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Facts and Arguments A foul-ball catch made me a hero at the baseball stadium. But my fans quickly turned against me

DANIEL FISHEL/The Globe and Mail

Facts & Arguments is a daily personal piece submitted by readers. Have a story to tell? See our guidelines at tgam.ca/essayguide.

It was damn near perfect: a hot March day in Florida and I was at a ballgame. JetBlue Park in Fort Myers, known as "Fenway South," is the winter home of the Boston Red Sox.

I took my seat along the first base line, three rows above the visitors' dugout. In my left hand I held a Fenway Frank, in my right a cold Budweiser. It couldn't get any better … and then it did.

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The game was close for a few innings, then the visiting Baltimore Orioles started lighting up the Red Sox pitching. Balls were caroming off the replica "Green Monster" wall. The guy with the ladder was busy running out and putting up new numbers on the manual scoreboard.

Nobody seemed to care too much that the home side was getting pummelled. They were too busy happily doing nothing. Spring Training games aren't really about winning or losing (except against the Yankees). They're more about catching a few rays, the love of baseball, beer – or all three,

After the Red Sox were retired in the seventh inning, a lot of fans started to leave. Maybe they were hoping to beat the traffic. But I wasn't going anywhere, except a few rows down to an aisle seat above the dugout. I wanted more room on the off-chance that a foul ball was hit anywhere near me. I'd never caught one.

In the top of the eighth inning, an Oriole hit a high foul ball a dozen rows behind me. I stood and turned, tracking the ball. Fouls can bounce off anything or anybody and go anywhere. I was ready. The ball hit in the walkway, took a hard bounce off the back wall and was coming in my direction, now a towering pop fly.

I ranged a few steps to the right, called off a couple of seniors, put both hands in the air and made a barehanded catch. The crowd went wild! I held the ball high to acknowledge the ovation of my new fans.

As I sat, clutching my baseball, the roar of the crowd was still ringing in my ears. A real baseball, a hardball, is a wondrous thing to hold. The printing read "Official American League" and the leather was perfectly smooth except for the roughed-up spot where bat met ball. It couldn't get better than this … and then it got worse.

From the next section, a few rows up, I heard a man's voice: "My daughter would really like a baseball. It's her first game."

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Then a woman's voice: "And her grandparents are here."

What? Who? Daughter, grandparents?

I turned and yelled up at them: "This ball's for a lifelong Red Sox fan." I was thinking of my friend Garth from the Maritimes, who grew up watching Boston ballgames on TV.

Not giving up, the woman said: "He's not here. Doesn't count."

What just happened? A few pitches ago I was a hero. Had my fans turned? Would I be tomorrow's headline news? "Kid at first ballgame denied baseball, " or "Selfish, beer-drinking slob disappoints three generations of nice New England family."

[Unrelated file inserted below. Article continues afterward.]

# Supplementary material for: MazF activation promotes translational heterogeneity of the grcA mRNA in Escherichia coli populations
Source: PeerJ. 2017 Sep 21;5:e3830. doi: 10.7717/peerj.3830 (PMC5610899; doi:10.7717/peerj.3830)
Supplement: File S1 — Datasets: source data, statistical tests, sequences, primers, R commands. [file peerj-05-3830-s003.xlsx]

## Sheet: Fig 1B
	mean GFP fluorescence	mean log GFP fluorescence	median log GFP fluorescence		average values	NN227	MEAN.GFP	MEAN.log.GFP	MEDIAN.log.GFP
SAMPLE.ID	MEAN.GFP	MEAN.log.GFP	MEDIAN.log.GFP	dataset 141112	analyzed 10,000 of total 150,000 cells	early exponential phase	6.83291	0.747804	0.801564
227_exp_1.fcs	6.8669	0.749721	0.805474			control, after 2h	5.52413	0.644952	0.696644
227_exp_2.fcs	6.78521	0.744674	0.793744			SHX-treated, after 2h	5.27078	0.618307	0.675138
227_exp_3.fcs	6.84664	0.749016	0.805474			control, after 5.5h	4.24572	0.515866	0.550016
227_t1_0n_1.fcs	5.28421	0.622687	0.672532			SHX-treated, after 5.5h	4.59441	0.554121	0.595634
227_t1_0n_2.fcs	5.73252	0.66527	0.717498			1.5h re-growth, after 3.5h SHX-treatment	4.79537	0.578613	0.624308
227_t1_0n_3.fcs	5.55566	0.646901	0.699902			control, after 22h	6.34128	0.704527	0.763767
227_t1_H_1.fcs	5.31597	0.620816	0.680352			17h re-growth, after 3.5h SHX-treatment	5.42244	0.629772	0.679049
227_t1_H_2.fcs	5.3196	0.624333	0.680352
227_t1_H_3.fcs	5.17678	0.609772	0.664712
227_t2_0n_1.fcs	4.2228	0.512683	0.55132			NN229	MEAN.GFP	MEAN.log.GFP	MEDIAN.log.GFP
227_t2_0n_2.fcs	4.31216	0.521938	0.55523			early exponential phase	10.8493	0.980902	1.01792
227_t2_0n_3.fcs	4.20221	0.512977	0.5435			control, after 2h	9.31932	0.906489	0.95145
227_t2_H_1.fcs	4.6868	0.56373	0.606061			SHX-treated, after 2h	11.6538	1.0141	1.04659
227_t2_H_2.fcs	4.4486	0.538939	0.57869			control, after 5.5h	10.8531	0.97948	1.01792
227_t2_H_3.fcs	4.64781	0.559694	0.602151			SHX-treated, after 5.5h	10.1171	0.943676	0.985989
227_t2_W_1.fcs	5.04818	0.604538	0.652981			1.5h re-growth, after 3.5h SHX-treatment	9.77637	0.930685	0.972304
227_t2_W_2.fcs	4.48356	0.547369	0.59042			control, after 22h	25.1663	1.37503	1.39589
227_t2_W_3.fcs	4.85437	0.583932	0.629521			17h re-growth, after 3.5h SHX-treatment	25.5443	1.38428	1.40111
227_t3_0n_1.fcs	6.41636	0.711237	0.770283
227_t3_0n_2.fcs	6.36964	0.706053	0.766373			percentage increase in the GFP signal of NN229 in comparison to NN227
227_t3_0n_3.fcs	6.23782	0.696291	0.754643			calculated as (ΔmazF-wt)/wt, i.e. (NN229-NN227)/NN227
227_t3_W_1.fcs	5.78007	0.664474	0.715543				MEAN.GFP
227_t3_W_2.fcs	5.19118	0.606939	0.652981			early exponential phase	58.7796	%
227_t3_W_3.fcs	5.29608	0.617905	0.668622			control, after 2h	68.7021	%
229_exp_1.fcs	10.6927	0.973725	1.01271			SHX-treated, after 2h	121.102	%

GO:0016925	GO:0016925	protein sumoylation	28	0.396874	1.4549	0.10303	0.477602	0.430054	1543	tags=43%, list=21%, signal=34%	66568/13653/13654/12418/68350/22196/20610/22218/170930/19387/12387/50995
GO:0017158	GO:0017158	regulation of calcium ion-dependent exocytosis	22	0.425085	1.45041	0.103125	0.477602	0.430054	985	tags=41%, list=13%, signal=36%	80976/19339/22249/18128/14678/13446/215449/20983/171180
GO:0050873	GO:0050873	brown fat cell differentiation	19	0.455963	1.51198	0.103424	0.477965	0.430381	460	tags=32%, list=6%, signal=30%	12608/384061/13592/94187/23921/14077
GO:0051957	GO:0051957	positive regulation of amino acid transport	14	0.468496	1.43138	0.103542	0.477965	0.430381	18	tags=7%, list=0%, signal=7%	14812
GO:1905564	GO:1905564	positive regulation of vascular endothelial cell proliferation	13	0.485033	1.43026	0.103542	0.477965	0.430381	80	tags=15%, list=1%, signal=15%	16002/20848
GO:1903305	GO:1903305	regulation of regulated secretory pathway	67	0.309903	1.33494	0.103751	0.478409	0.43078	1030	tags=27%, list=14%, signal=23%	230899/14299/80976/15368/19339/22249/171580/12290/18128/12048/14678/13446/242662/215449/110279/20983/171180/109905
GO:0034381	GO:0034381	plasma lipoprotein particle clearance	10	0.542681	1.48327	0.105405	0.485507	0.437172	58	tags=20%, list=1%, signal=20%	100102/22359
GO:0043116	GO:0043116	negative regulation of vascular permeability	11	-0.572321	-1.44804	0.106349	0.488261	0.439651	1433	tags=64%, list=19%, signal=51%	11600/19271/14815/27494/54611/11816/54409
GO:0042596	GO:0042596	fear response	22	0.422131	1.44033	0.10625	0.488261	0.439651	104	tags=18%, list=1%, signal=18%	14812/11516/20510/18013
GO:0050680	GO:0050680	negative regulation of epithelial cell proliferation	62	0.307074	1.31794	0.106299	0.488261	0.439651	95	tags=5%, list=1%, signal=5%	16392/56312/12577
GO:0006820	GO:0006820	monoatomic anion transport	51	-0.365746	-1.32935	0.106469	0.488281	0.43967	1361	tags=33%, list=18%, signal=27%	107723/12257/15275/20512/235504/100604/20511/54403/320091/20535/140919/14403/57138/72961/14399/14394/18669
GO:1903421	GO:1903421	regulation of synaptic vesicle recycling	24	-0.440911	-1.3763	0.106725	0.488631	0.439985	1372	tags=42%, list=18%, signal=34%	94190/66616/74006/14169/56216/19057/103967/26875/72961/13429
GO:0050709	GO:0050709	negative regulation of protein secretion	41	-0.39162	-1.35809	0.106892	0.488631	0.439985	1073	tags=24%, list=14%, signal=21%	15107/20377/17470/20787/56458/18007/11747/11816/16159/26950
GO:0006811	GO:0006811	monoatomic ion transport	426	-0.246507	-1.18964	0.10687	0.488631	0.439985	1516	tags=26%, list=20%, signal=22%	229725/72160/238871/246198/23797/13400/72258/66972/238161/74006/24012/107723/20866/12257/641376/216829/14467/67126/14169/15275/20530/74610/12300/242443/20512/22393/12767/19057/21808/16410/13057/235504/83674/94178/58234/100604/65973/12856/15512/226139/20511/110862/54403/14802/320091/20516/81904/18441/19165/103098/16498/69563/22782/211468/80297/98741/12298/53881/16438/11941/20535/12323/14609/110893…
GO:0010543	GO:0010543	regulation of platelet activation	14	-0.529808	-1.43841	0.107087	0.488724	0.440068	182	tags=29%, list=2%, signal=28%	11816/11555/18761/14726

As the inning went on, I kept looking at my baseball. I silently snorted. "If Dad wants a ball for his entitled little brat, do what I did – catch one."

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Should I fight for Garth? Maybe yell back, "The next one's for her!"

Maybe I should just give her the damn ball, I thought. I've got three grown daughters of my own. And I guessed this poor girl had spent most of her young life being embarrassed by her parents. So what was it going to be? A baseball for Garth – or the kid?

By the time the inning ended I'd made my decision. I walked up the aisle and stopped at the man's row. "Where's your daughter?" I asked.

"That's her," he said, pointing to the row below, "Jennifer, sitting with her sister." (I hoped she didn't want a baseball too. It's not that easy.)

I walked toward Jennifer. She was older than I expected, not a child at all – more like mid-teens! (Ah, what the hell, Garth's fiftysomething.)

I handed her the ball and said: "Jennifer, I'd like you to have this baseball."

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Then she threw it back on the field.

No, she didn't. She took it and thanked me. She looked genuinely pleased. And then she handed it to her sister to hold. I don't know if anyone else noticed that, but it made me feel good. As I walked back to my seat, I heard the mother say: "Oh, what a nice man." If the father said anything I didn't hear it, but he did come up to me later and thank me.

And once again my fans were applauding me. And once again I acknowledged them.

My dad took me to my first ball game and I've been a fan ever since. We used to go to the old Maple Leaf Stadium on Lake Shore Boulevard in Toronto. That was a long time ago. Dad's gone now. So is the stadium. So is the Maple Leafs team.

One of the many things my father taught me was how to score games. It's been a while, but here's how I'd score this one:

Jennifer, 1 (baseball). Me, 0. But 2 ovations I never expected, and the memory of catching a foul ball. It was damn near a perfect game.

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Except of course for poor old Garth. But he doesn't need to know any of this. And there was never much chance I was giving him the ball, anyway.

Tom Cornell lives in Thornhill, Ont.

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